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Aussie businesses want an open IoT ecosystem

Aussie businesses want an open IoT ecosystem

IoT decision makers are putting a high priority on open standards for data and connectivity and on open source software standards

There will be an estimated 2.7 million connected commercial vehicles, 1.7 million connected pets and 1.8 million connected healthcare appliances in Australia by 2020, according to IDC, reinforcing that the Internet of Things (IoT) is about connecting things that weren't originally intended to be connected to the internet.

Findings from IDC's recent Global IoT Decision Maker Survey, which polled more than 4500 respondents from more than 25 countries worldwide across industries including manufacturing, retail, utilities, government, health, and finance, found that the total IoT market in Australia will grow to be worth over $18 billion by 2020.

And with the pie being shared across both traditional vendors and vendors traditionally associated with operational and industrial technologies, open systems feature highly on IoT decision makers’ radars in Australia.

IDC research manager, Jamie Horrell, explained that IoT decision makers are putting a high priority on open standards for data and connectivity and on open source software standards.

In the study by IDC, 81 per cent of organisations ranked common data and connectivity standards as extremely or very important, while 63 per cent rated open source software standards the same.

"This is unsurprising," Horrell said. "IoT will be an open ecosystem of horizontally specialised players, bringing their own best of breed technology to the table. Open standards are critical to interoperability and it would be a bold move to rely on proprietary standards or vertically integrated players to deliver operational transformation.”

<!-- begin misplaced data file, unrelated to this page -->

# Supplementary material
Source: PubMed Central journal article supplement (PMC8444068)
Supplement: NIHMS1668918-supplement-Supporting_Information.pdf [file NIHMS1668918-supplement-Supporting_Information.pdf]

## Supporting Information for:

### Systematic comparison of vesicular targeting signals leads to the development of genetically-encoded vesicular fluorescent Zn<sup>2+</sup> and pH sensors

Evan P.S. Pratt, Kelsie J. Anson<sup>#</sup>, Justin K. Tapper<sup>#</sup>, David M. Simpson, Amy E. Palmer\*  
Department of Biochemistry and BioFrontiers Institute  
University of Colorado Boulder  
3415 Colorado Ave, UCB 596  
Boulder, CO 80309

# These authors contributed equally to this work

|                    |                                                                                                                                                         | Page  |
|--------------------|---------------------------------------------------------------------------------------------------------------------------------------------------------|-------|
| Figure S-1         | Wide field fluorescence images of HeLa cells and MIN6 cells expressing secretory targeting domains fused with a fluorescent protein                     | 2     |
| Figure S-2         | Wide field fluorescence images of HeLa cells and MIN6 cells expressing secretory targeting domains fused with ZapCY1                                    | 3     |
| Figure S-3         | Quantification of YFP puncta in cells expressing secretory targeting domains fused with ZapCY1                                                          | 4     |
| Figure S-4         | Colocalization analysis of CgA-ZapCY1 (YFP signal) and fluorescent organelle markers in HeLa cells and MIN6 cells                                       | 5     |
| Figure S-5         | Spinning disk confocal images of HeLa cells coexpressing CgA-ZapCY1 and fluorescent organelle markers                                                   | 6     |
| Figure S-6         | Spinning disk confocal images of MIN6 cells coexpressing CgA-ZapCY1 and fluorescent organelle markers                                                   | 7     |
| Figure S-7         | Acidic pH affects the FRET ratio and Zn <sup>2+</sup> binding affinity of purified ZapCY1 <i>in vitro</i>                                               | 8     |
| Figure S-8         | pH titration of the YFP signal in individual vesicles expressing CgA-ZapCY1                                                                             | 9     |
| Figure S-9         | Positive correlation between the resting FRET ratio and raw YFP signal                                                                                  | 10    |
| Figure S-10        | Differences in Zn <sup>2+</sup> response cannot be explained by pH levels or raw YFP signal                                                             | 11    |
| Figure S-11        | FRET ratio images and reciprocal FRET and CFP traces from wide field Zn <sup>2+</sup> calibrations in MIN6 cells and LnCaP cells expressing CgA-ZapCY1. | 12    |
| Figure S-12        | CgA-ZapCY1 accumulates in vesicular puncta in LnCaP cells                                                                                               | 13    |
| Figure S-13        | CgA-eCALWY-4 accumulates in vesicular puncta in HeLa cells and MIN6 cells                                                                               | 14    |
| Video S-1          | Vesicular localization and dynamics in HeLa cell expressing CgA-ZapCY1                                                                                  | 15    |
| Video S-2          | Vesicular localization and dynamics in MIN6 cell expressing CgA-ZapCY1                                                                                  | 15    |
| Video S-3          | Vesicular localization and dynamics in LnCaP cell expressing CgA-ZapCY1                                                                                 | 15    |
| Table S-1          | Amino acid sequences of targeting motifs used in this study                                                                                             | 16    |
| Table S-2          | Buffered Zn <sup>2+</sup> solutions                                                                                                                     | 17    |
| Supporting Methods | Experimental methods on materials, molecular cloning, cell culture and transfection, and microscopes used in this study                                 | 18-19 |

In addition, the study found that security and privacy concerns are the biggest perceived inhibitors for the deployment of IoT solutions in Australia, with Australians remaining nervous about how organisations treat their data following recent security breaches and attacks.

ARN recently reported that IoT devices attract hackers, because they're plentiful and overlooked, and it's up to vendors to build in security and allow for automatic over-the-air updates.

On 23 March, a group of hackers, named Turkish Crime Family, threatened to wipe data from millions of Apple devices in two weeks if the company doesn't pay them US$150,000, highlighting how vulnerable connected devices can be.

And the risk is set to increase, with IDC predicting that the number of connected devices and connections will continue to grow, with freight monitoring, manufacturing operations and connected vehicles being the top three applications of enterprise spending by 2020.

"This is the crux of IoT. It is not about driving IT efficiency but rather operational efficiency. Applications like supply chain are obvious targets for this,” Horrell added.

A similar report by 451 Research suggested that organisations are forging ahead with IoT initiatives and opening their wallets to support IoT deployments. Specifically, IoT deployments and usage will be particularly strong in enterprise initiatives around data and transactional intensive workload categories, such as data analytics and security.

IoT-specific projects include things like data collection and analysis of financial, healthcare or industrial functions; the uptime/reliability of mission-critical line of business servers and applications; as well as monitoring the efficiency and costs related to a specific business operation or department such as a hospital emergency room.

“When it comes to IoT adoption, pragmatism rules,” 451 Research director, Laura DiDio, said previously.

“The survey data indicates enterprises currently use IoT for practical technology purposes that have an immediate and tangible impact on daily operational business efficiencies, economies of scale and increasing the revenue stream.”

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